There was a time when an XT-class motherboard — like the old IBM PC with an 8088 CPU — was a high-tech accomplishment. Now, something like that is easily within reach of the average hobby lab. [Homebrew8088] did it, and it looks surprisingly simple, especially compared to what passes for a motherboard these days.
The board will take an 8088 or one of the NEC chips and by default sports 512 K of RAM, a few ISA slots, a PC speaker, a USB hard drive, and a PS/2 keyboard connector. The board will fit in an ATX case. Not bad. You can see a video of the board below.
In fact, the channel has a lot of related videos and the main site has many interesting topics, like driving an 8088 or 8086 from a Raspberry Pi. The GitHub site has design files for KiCad along with a lot of other information. Some of this will be interesting even if you are just trying to repair an old motherboard or would like to design a new ISA card.
If you want to know why the PC used an 8088 instead of an 8086, we just covered that. What are you going to do with an old XT computer? How about IRC?
Continue reading “Building Your Own 8088 XT Motherboard” →
If you want to not take for granted how easy and seamless computers have become, take up vintage computing as a hobby. If you venture down the retro path, you’ll quickly question how anyone ever got any useful work done with computers, and the farther back you go in computer history, the more difficult everything seems to become.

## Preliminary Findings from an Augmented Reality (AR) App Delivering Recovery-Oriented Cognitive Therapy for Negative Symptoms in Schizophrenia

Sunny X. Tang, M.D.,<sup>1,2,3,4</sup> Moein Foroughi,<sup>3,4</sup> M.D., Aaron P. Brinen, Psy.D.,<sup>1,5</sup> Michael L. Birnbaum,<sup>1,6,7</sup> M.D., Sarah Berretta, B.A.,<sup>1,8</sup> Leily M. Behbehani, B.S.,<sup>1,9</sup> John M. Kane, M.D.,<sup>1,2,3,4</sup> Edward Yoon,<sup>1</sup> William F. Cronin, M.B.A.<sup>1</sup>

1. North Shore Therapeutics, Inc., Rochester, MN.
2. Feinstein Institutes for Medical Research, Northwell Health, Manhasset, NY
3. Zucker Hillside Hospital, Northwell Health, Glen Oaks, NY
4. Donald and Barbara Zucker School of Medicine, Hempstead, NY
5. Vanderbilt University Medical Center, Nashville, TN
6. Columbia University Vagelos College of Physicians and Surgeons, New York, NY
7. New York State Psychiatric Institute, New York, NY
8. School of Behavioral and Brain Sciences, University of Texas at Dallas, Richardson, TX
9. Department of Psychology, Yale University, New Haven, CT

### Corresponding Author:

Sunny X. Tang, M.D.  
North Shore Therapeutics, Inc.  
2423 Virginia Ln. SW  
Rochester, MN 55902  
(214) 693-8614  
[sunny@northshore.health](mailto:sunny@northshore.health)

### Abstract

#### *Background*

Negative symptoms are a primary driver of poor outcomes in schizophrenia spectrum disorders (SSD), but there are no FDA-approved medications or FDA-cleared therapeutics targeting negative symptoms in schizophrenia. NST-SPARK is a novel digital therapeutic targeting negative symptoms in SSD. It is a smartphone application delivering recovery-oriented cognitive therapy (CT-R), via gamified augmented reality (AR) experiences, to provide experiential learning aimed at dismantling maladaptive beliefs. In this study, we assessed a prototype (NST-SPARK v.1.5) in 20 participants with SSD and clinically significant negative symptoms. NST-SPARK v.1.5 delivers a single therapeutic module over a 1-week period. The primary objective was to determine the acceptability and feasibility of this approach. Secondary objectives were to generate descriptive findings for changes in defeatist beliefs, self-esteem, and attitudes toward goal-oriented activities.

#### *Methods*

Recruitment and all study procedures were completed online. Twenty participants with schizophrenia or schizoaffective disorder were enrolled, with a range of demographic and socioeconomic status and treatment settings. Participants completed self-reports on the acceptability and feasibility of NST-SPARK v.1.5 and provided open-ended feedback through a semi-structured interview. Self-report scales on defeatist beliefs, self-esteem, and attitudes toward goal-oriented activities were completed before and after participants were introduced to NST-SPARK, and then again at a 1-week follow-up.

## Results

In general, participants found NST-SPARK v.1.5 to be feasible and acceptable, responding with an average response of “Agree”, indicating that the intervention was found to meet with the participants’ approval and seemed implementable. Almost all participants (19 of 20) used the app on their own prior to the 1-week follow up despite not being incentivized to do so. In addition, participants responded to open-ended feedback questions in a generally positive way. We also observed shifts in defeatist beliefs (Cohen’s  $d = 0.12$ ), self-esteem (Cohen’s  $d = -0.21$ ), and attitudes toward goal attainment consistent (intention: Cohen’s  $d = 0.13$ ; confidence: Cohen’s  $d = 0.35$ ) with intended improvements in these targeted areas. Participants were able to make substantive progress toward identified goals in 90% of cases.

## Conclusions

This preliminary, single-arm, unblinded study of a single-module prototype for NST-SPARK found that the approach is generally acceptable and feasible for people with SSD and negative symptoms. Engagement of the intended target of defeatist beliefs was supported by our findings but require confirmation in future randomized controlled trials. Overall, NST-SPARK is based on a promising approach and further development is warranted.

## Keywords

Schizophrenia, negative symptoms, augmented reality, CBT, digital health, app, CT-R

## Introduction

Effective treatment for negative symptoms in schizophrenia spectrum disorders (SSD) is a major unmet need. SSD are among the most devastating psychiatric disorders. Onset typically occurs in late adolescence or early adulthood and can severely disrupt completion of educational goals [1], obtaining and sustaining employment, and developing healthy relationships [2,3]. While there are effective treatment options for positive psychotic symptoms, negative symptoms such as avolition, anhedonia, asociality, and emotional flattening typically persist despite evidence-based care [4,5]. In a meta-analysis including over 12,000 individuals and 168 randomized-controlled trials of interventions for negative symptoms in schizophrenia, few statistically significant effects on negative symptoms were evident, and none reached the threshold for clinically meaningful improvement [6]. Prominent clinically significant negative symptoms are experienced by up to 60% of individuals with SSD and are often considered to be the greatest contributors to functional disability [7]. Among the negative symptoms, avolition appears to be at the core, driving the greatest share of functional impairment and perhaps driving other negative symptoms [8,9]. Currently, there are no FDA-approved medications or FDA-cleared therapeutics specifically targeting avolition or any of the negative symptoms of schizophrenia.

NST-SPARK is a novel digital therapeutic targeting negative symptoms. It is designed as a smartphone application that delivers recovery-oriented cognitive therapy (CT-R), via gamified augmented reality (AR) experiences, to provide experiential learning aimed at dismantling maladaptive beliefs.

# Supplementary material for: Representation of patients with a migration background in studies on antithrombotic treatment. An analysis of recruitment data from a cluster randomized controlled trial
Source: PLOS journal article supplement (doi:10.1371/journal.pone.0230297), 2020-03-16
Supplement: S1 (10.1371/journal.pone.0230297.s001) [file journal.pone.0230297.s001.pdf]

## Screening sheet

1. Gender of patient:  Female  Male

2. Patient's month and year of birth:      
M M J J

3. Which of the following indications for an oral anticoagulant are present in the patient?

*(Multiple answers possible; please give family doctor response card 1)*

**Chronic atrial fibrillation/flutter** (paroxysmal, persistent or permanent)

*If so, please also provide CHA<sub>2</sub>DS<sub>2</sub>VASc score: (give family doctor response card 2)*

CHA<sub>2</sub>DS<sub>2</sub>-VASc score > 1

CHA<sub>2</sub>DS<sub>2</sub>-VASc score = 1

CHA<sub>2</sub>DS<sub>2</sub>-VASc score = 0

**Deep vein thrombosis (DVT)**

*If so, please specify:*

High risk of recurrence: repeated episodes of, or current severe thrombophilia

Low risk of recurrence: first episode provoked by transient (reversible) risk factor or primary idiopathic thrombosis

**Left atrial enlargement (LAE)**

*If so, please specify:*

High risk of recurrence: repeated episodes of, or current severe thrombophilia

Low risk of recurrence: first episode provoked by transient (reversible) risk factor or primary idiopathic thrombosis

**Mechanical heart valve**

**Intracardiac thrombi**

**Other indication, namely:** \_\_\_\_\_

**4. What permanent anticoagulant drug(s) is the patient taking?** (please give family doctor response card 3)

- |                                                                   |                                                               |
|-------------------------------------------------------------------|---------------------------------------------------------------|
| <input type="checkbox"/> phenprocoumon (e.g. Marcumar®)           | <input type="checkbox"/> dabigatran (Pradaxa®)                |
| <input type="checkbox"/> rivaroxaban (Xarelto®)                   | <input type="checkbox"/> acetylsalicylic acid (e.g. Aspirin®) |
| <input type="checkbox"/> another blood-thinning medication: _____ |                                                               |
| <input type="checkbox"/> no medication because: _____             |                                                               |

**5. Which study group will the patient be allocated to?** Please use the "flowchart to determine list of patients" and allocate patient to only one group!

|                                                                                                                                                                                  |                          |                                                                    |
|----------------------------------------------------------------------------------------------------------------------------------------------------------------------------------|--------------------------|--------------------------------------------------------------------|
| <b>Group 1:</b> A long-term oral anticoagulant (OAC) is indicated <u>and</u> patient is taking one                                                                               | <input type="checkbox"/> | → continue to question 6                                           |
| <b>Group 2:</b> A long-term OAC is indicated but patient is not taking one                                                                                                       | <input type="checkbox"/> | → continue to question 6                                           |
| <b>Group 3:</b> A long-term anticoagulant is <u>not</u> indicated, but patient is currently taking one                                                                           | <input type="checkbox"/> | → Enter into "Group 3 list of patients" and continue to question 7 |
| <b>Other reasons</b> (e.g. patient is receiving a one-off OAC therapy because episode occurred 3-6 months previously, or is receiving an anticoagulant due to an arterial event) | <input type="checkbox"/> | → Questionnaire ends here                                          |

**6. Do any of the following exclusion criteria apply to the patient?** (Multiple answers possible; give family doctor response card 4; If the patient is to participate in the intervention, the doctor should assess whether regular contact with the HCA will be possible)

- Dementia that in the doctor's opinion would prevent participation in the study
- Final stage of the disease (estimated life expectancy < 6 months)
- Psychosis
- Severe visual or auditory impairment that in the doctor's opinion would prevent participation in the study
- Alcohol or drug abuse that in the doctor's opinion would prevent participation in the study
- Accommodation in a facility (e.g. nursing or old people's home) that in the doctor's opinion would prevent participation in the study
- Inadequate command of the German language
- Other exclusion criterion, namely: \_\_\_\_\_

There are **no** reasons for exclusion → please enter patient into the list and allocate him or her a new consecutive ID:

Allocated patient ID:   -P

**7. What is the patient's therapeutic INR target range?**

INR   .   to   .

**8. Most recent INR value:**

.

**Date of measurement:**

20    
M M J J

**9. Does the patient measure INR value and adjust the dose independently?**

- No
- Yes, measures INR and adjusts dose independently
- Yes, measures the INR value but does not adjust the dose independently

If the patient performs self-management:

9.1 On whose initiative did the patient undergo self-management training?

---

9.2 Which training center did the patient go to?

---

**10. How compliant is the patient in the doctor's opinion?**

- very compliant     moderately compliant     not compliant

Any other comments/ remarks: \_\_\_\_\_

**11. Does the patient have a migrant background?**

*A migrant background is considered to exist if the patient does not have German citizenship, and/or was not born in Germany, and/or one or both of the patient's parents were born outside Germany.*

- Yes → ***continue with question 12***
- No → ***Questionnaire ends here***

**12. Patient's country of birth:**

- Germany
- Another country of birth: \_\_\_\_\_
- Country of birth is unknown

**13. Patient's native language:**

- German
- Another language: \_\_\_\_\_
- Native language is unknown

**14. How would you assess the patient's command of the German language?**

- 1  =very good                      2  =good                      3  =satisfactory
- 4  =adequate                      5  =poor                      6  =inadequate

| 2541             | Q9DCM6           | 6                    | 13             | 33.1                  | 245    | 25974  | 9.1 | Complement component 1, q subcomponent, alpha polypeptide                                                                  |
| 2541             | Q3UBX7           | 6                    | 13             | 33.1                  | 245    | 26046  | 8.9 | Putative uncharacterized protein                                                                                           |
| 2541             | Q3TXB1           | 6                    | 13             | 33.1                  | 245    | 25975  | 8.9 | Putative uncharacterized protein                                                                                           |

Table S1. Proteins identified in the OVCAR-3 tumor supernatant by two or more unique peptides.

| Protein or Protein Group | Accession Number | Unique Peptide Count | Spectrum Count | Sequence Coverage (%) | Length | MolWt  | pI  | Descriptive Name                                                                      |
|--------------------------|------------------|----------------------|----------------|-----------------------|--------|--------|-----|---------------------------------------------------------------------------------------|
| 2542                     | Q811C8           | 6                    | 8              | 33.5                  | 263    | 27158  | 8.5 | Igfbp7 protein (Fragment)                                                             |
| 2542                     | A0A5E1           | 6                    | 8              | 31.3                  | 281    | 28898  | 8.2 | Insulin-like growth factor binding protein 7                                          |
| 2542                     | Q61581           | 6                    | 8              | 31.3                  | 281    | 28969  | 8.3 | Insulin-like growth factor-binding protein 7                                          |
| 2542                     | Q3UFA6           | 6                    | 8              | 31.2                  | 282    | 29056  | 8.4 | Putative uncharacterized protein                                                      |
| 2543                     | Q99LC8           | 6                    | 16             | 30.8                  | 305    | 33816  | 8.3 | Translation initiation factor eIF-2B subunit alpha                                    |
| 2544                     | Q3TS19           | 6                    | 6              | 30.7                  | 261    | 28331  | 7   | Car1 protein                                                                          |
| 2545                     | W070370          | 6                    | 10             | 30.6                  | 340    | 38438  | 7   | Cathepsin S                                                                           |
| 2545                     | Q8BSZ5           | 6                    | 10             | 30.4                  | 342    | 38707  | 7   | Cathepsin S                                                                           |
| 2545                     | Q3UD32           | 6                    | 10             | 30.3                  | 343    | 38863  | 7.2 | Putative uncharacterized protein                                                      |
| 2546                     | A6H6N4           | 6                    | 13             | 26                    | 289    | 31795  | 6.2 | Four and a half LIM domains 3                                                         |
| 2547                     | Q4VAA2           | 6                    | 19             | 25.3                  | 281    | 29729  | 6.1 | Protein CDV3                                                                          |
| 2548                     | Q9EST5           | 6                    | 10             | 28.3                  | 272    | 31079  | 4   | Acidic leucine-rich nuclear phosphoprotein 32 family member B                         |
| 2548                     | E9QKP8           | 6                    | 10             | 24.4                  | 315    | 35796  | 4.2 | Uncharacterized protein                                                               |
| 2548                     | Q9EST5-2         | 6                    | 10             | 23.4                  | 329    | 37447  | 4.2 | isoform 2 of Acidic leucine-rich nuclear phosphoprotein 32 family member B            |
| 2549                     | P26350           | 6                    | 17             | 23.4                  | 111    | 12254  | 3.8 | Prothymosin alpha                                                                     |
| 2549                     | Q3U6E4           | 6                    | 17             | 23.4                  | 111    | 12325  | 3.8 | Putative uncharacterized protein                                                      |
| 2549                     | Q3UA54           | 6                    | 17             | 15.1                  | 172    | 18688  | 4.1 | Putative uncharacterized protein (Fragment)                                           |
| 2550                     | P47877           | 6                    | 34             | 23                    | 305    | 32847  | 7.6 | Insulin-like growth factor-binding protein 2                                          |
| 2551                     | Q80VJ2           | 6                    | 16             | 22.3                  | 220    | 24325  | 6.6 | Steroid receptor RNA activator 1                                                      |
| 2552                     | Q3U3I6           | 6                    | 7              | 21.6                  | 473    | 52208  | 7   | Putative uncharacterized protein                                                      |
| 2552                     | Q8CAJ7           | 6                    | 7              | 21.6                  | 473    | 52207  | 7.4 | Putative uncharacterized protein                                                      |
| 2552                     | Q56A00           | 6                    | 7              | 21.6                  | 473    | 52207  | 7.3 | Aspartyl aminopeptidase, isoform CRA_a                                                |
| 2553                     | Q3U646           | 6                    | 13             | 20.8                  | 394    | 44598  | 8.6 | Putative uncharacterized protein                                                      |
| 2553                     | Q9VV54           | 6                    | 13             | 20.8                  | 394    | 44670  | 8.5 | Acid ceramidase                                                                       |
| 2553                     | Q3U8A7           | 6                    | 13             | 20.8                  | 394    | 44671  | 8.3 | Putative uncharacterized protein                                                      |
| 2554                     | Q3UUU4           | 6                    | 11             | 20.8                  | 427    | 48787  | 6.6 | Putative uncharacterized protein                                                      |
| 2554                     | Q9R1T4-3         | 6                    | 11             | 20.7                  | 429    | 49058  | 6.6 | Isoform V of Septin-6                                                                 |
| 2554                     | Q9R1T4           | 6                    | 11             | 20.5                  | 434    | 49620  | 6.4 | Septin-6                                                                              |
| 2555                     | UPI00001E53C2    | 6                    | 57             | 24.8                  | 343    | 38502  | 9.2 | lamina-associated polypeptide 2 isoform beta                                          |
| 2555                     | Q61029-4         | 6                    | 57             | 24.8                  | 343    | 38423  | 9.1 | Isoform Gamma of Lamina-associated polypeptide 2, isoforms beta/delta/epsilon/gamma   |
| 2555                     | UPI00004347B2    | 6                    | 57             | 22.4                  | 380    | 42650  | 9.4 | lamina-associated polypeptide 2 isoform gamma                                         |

Case in point: how do you easily transfer files between a home-brew PC/XT and your modern desktop? Back in the day we did it with null modem cables or by sneaker-netting stacks of floppies, but [Scott M. Baker] found another way — putting a Raspberry Pi on the ISA bus as a virtual floppy drive. The heart of the ISA card is an IDT7130, a 1-kb RAM chip that allows simultaneous asynchronous access over dual ports. One port talks to the ISA bus and the other talks to the GPIO of the Pi, after level-shifting to make everything voltage compatible, of course. [Scott] wrote a driver for the card, plugged a Pi Zero W into the header pins, and threw a Python server together that makes local images available to the shared memory on the card. The upshot of this is that the retro machine thinks it has a floppy in it, but it’s actually a server. The video below has tons of detail and shows the card in action. Pretty slick.
[Scott]’s projects are always fun to check out, and he really seems to have the retro life dialed in. Whether it’s old jukebox hacks or a Unix-ish OS for Z80s, there’s plenty to learn. Although we’d like to see more about that PC/XT in the video; are those Nixies we spy along the front panel?
Continue reading “Making Vintage Computing Easy, The Hard Way” →
Do you remember the simpler times when you had a DOS command line, a handful of commands, and you talked to the hardware through a few BIOS and DOS interrupts? Okay, maybe it was a little limited, but nostalgia doesn’t care. Now [mcuhacker] is working on bringing some of those memories back by getting a PC-XT emulator running on an ESP8266.